Inner Paths to Outer Space
Originally published in 2008 ‘Inner Paths to Outer Space’ is a collaborative project between Rick Strassman M.D., Slawek Wojtowicz M.D., Luis Eduardo Luna Ph.D. and Ede Frecska M.D.. Through a series of scientific explanations, first-hand psychedelic accounts and the development of hypotheses therein, the four authors offer a broad argument for a connection between certain sci-fi topics and psychedelic consciousness.
In a recent interview with PsypressUK, Rick said: “I think the science fiction community has taken the ball with the psychedelic material and done great things with it. This was the kernel of thought that blossomed into the Inner Paths book.” The collaborative effort, taking in a variety of disciplines, means the book has a broad foundation of knowledge from which to draw on; which ultimately leads to an exceedingly well structured text.
The early chapters by Strassman, Luna and Wojtowicz deal with DMT, ayahuasca and psilocybin mushrooms respectively. They include historical information, the science of the drugs – including structures and studies – and first-hand psychedelic accounts.
All three draw focus on the sci-fi elements, though Luna examines the shamanic connection more thoroughly. The accounts are derived from the research and experience of Strassman and Luna; plus from the Vaults of Erowid. There are some truly inspiring descriptions of the psychedelic experience; which translate both the wonder and removedness of what Strassman described as the “invisible worlds.”
The chapters by Ede Frecska are perhaps the most difficult to grasp in terms of the language and ideas; and they also contain some of the more speculative hypotheses. However, through an examination of scientific method and some observations by Aaron Beck, on depression in the cognitive scheme. he develops a hypothesis that essentially lends its premise to the title of the book.
Shortly, and simply, “individual consciousness arises from an interplay of mind – developing in the non-local aspect of the universe – and matter, which is the localized aspect of this same universe.” This draws on quantum theory and, as is noted, also reflects the Hindu ideas of Brahmin and Atman. Hence, some of the visions that have, in the past, been labelled as outer space experiences, have in fact developed from the psychedelic experience. Hence, we must search the inner path to reach the outer space.
In examining this hypothesis, historically, Frecska examines the theory of paleo-contact. Through the etymology of words in ancient texts and by taking a look at the archaeological evidence, he attempts to demonstrate the links between certain sci-fi ideas and the “invisible world” as a journey of our consciousness. Through the textual examination of these ancient narratives one can seemingly uncover certain concurrent themes and ideas.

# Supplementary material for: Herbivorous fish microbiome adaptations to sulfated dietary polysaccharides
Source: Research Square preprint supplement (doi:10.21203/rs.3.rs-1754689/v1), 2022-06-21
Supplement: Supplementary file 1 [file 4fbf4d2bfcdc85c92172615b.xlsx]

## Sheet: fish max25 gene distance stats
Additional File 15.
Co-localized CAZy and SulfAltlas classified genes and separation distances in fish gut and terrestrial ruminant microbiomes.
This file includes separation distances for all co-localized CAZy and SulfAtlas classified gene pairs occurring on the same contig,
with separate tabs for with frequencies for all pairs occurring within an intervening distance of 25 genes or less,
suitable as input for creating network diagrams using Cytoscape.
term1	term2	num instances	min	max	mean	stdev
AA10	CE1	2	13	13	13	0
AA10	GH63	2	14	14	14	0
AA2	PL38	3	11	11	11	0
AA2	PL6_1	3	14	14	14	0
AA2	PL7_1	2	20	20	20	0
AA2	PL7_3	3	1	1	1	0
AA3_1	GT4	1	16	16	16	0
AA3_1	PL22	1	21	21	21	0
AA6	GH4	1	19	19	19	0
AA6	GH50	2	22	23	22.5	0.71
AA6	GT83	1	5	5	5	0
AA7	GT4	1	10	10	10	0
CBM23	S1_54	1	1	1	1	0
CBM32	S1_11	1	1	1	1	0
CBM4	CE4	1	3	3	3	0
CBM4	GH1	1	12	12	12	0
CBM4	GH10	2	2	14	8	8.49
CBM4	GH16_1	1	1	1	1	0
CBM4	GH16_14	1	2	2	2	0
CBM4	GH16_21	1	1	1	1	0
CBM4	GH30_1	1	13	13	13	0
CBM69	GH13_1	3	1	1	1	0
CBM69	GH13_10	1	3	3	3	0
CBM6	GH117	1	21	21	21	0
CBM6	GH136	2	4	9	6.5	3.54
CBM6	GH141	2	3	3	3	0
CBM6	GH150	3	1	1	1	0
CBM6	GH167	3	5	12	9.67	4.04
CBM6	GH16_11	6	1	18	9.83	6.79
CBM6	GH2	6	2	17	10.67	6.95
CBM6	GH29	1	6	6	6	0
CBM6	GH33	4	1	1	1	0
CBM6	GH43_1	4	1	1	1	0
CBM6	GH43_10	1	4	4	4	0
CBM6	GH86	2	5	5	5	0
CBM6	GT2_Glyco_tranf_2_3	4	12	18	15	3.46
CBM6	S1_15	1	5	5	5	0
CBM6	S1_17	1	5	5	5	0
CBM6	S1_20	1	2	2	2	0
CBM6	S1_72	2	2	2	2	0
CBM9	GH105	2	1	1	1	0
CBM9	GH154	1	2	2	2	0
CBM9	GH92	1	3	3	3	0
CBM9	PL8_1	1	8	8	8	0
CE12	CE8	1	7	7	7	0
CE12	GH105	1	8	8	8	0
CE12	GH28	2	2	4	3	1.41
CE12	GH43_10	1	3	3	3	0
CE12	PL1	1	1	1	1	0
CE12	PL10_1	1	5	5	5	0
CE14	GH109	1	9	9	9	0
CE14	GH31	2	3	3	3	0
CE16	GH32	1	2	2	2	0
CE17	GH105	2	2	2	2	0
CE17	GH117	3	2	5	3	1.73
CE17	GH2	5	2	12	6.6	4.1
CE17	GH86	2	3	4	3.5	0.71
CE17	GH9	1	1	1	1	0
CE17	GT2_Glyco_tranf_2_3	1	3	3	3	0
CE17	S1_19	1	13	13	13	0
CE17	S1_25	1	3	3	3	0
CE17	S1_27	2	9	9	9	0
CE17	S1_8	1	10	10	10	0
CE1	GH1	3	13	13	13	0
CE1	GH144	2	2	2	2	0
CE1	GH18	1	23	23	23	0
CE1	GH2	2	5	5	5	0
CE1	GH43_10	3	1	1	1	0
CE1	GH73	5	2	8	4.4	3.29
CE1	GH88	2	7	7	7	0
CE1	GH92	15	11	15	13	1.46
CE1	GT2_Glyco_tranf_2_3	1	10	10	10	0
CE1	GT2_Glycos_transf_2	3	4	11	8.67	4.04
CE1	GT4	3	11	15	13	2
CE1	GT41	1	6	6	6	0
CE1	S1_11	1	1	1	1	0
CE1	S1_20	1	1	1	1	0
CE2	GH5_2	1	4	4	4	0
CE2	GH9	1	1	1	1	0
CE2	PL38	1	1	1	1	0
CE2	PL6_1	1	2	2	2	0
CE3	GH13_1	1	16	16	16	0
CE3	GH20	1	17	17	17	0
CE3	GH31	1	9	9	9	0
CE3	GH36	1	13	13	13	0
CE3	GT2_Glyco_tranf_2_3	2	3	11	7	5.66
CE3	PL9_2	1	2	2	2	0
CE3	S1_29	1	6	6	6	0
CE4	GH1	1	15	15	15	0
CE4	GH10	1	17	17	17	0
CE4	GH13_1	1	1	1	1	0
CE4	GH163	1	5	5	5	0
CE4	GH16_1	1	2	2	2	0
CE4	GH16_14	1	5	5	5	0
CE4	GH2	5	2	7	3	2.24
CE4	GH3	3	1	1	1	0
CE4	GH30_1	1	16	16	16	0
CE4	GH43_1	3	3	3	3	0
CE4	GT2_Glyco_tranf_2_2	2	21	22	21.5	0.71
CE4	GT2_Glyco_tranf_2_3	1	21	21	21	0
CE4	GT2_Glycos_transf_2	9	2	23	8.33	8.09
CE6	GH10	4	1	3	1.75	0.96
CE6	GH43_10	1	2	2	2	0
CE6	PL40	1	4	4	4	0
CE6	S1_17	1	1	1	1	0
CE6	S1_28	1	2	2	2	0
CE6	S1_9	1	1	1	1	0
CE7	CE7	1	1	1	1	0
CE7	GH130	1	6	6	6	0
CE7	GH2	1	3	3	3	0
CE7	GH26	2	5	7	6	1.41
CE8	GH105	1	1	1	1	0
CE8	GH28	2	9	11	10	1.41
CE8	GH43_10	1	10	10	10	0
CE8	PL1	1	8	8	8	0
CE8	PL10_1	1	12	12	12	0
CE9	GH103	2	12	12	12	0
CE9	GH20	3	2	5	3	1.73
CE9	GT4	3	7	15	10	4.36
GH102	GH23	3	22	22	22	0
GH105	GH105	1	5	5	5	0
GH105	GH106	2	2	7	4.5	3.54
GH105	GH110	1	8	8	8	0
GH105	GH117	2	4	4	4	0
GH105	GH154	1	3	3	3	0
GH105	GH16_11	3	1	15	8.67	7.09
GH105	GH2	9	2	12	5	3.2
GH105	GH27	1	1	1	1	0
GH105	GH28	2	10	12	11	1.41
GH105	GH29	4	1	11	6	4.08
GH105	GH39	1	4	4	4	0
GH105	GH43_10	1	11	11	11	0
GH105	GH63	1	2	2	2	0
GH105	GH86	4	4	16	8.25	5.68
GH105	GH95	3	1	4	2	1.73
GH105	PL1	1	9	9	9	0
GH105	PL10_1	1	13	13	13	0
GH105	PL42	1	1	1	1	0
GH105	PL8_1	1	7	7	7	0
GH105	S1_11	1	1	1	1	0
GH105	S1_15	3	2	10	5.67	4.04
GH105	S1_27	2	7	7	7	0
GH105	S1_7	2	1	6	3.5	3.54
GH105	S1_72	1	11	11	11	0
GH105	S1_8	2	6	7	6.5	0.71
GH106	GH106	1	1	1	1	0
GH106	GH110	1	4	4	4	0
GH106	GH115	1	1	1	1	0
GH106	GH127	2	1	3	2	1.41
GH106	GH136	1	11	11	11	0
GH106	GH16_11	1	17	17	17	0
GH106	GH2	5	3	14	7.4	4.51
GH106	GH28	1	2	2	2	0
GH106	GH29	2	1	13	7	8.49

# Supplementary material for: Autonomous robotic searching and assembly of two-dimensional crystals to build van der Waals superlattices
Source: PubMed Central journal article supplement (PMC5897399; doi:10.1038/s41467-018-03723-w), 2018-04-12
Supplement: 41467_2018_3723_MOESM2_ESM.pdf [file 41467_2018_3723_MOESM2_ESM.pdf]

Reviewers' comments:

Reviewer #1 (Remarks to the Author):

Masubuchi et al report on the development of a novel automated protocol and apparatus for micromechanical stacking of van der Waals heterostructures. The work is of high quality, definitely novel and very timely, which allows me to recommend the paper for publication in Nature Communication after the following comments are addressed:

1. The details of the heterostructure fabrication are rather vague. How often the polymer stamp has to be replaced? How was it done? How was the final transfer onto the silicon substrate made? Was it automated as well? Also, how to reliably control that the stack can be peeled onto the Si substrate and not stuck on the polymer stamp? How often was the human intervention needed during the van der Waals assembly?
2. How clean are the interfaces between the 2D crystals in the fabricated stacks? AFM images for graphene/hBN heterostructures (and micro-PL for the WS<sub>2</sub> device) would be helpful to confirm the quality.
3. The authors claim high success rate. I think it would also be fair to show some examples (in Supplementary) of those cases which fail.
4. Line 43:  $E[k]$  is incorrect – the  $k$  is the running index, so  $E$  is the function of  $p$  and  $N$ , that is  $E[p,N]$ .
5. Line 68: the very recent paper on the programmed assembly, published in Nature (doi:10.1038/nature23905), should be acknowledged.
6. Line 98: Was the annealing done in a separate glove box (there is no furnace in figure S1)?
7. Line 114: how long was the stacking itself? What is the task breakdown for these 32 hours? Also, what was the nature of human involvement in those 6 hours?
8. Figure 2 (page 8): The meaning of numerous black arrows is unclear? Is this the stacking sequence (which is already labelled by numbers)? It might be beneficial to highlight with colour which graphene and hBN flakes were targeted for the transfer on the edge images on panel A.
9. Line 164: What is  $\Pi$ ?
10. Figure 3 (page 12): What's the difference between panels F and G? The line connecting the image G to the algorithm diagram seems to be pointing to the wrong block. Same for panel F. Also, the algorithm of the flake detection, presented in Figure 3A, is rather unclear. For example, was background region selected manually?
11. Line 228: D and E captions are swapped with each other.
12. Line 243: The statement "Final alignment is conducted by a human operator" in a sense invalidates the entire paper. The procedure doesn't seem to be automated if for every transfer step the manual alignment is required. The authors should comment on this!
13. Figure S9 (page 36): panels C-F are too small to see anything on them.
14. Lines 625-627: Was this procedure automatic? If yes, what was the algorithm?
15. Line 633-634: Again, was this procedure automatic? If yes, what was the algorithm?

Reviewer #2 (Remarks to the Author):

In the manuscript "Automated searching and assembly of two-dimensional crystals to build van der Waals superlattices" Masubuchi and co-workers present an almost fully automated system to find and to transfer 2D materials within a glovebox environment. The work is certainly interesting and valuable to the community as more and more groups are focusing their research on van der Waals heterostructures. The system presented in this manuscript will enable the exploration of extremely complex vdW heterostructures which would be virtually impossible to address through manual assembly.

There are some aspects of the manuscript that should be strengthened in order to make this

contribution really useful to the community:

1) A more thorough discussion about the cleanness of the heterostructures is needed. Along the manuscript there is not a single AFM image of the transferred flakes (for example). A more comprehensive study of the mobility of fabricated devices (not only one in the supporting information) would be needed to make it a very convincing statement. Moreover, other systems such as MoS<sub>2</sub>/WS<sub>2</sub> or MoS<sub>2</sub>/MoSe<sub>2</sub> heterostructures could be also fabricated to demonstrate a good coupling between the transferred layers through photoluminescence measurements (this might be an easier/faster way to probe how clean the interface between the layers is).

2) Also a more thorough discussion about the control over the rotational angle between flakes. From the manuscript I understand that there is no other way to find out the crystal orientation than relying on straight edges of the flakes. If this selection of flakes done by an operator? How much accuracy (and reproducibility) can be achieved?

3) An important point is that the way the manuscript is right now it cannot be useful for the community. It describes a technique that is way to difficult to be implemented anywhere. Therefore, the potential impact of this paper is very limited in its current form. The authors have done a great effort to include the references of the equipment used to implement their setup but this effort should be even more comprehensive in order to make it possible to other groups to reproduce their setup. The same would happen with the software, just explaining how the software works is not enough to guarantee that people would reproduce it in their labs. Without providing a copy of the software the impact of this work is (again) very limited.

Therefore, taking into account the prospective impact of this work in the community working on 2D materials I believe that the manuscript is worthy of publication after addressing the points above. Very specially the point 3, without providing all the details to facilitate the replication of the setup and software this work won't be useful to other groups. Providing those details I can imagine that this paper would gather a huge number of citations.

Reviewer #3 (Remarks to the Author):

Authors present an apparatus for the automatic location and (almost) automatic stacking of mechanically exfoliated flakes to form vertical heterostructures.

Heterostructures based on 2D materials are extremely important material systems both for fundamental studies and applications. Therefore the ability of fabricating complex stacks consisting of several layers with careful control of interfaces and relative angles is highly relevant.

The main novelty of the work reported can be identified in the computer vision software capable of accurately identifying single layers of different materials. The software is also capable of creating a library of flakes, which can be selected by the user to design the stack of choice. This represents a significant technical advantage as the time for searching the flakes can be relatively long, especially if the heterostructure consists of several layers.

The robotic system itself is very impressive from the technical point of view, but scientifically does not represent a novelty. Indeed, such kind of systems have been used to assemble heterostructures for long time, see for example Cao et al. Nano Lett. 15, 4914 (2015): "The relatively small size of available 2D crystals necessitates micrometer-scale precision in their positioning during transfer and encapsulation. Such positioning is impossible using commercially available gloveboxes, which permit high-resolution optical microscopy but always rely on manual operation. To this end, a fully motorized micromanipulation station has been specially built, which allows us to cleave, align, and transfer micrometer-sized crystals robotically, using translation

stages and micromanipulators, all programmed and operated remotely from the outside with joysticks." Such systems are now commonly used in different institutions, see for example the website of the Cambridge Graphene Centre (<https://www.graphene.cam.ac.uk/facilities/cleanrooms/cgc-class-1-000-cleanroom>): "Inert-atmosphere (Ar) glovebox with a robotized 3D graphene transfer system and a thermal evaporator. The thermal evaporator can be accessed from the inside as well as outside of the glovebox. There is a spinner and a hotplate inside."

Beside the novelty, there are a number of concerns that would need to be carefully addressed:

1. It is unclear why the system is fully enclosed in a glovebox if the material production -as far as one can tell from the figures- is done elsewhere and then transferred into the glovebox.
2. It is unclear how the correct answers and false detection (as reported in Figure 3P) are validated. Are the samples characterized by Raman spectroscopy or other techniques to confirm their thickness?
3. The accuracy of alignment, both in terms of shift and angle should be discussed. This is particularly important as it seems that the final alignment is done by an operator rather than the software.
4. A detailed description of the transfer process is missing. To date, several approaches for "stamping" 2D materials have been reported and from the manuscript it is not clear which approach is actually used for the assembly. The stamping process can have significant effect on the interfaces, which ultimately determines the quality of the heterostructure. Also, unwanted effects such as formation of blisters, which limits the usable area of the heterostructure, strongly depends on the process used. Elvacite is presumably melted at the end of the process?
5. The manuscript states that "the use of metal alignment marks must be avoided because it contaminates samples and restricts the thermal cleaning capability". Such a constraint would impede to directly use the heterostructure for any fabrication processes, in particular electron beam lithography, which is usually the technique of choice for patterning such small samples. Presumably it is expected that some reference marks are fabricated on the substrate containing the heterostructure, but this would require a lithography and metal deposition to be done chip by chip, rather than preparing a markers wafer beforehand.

Academically speaking, Luis recognizes the dodgy ground on which they are walking. In the past “I myself have avoided mentioning UFOs in my writings, because consideration of their accounts is not well received in academic circles.” But he believes the UFO motif has been neglected by such people as cognitive anthropologists, depth psychologists and in the study of mythologies in modern man.
Essentially, it is not only “inner paths to outer space” but also outer paths to inner space, as the book offers a dynamic area of research for future psychedelic studies and frameworks from which to levy ideas in our understanding, and journeying, through the psychedelic space. As is noted in the book, there is no reason to believe that what is on the fringes of, or even removed from, scientific acceptability will not eventually pass into its scope in the future.
Rick Strassman wrote: “While we understand a great deal about the pharmacology of these drugs, it is important to remember the existence of the ‘explanatory gap’ in psychopharmacology – that is, our inability to relate directly, in any particular case, the relationship between subjective experience and changes in brain chemistry.” The ‘explanatory gap’, however, is also the creative space through which our understandings have room to evolve. It is both our limit and our tool.
Lastly, but certainly not least, there is a wonderful collection of psychedelic, visionary art included, which elude to both the sci-fi and shamanic themes of the book. Artists like Robert Venosa, Slawek Wojtowicz, Pablo Amaringo, Martina Hoffman and others all lend their artistic skills. ‘Ayahuasca Dream’ by Venosa struck me as being a particularly beautiful example; capturing both the organic and the alien.
A remarkably interesting work. Inner Paths to Outer Space has pulled together a collection of threads into a theoretically grounded framework and although many of the ideas are, admittedly, speculative, the authors field an extremely well-structured argument. An important read for anyone with an interest in sci-fi, shamanism and psychedelic consciousness and a great addition to the literature.